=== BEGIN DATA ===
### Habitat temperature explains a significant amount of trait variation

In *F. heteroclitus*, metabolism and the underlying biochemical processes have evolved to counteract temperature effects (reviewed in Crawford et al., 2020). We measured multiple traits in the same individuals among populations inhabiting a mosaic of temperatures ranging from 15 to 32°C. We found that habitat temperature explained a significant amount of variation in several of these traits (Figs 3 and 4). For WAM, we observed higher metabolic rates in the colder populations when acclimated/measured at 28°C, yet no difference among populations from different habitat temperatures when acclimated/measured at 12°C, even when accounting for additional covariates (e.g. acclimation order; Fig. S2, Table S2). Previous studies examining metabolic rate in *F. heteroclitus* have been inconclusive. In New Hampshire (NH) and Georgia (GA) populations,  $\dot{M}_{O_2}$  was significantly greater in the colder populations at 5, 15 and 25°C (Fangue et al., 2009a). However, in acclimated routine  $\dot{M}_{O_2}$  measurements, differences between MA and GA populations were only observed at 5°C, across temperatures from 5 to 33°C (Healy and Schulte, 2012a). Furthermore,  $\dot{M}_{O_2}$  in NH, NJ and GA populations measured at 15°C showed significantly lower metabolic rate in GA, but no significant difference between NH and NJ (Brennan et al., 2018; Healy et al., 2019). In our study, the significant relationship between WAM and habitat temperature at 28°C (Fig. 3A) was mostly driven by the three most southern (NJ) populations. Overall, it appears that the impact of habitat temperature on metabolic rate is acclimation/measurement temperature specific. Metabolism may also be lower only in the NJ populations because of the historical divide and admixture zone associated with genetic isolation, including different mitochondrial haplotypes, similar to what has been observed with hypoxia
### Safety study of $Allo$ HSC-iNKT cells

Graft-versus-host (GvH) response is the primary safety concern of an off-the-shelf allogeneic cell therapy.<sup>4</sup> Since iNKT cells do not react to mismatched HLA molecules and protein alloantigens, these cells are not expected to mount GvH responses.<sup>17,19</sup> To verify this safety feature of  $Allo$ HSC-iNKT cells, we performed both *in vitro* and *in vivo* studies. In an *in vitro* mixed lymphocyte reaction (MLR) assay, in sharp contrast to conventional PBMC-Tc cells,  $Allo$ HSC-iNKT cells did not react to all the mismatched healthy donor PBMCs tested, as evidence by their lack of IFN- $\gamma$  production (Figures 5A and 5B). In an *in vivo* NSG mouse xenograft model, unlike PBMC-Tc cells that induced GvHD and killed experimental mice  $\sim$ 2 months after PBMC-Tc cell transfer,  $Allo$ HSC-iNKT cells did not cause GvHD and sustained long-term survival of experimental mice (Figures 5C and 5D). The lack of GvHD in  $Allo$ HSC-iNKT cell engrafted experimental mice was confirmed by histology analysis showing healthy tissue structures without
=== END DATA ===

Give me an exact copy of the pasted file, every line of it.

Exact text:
### Habitat temperature explains a significant amount of trait variation

In *F. heteroclitus*, metabolism and the underlying biochemical processes have evolved to counteract temperature effects (reviewed in Crawford et al., 2020). We measured multiple traits in the same individuals among populations inhabiting a mosaic of temperatures ranging from 15 to 32°C. We found that habitat temperature explained a significant amount of variation in several of these traits (Figs 3 and 4). For WAM, we observed higher metabolic rates in the colder populations when acclimated/measured at 28°C, yet no difference among populations from different habitat temperatures when acclimated/measured at 12°C, even when accounting for additional covariates (e.g. acclimation order; Fig. S2, Table S2). Previous studies examining metabolic rate in *F. heteroclitus* have been inconclusive. In New Hampshire (NH) and Georgia (GA) populations,  $\dot{M}_{O_2}$  was significantly greater in the colder populations at 5, 15 and 25°C (Fangue et al., 2009a). However, in acclimated routine  $\dot{M}_{O_2}$  measurements, differences between MA and GA populations were only observed at 5°C, across temperatures from 5 to 33°C (Healy and Schulte, 2012a). Furthermore,  $\dot{M}_{O_2}$  in NH, NJ and GA populations measured at 15°C showed significantly lower metabolic rate in GA, but no significant difference between NH and NJ (Brennan et al., 2018; Healy et al., 2019). In our study, the significant relationship between WAM and habitat temperature at 28°C (Fig. 3A) was mostly driven by the three most southern (NJ) populations. Overall, it appears that the impact of habitat temperature on metabolic rate is acclimation/measurement temperature specific. Metabolism may also be lower only in the NJ populations because of the historical divide and admixture zone associated with genetic isolation, including different mitochondrial haplotypes, similar to what has been observed with hypoxia
### Safety study of $Allo$ HSC-iNKT cells

Graft-versus-host (GvH) response is the primary safety concern of an off-the-shelf allogeneic cell therapy.<sup>4</sup> Since iNKT cells do not react to mismatched HLA molecules and protein alloantigens, these cells are not expected to mount GvH responses.<sup>17,19</sup> To verify this safety feature of  $Allo$ HSC-iNKT cells, we performed both *in vitro* and *in vivo* studies. In an *in vitro* mixed lymphocyte reaction (MLR) assay, in sharp contrast to conventional PBMC-Tc cells,  $Allo$ HSC-iNKT cells did not react to all the mismatched healthy donor PBMCs tested, as evidence by their lack of IFN- $\gamma$  production (Figures 5A and 5B). In an *in vivo* NSG mouse xenograft model, unlike PBMC-Tc cells that induced GvHD and killed experimental mice  $\sim$ 2 months after PBMC-Tc cell transfer,  $Allo$ HSC-iNKT cells did not cause GvHD and sustained long-term survival of experimental mice (Figures 5C and 5D). The lack of GvHD in  $Allo$ HSC-iNKT cell engrafted experimental mice was confirmed by histology analysis showing healthy tissue structures without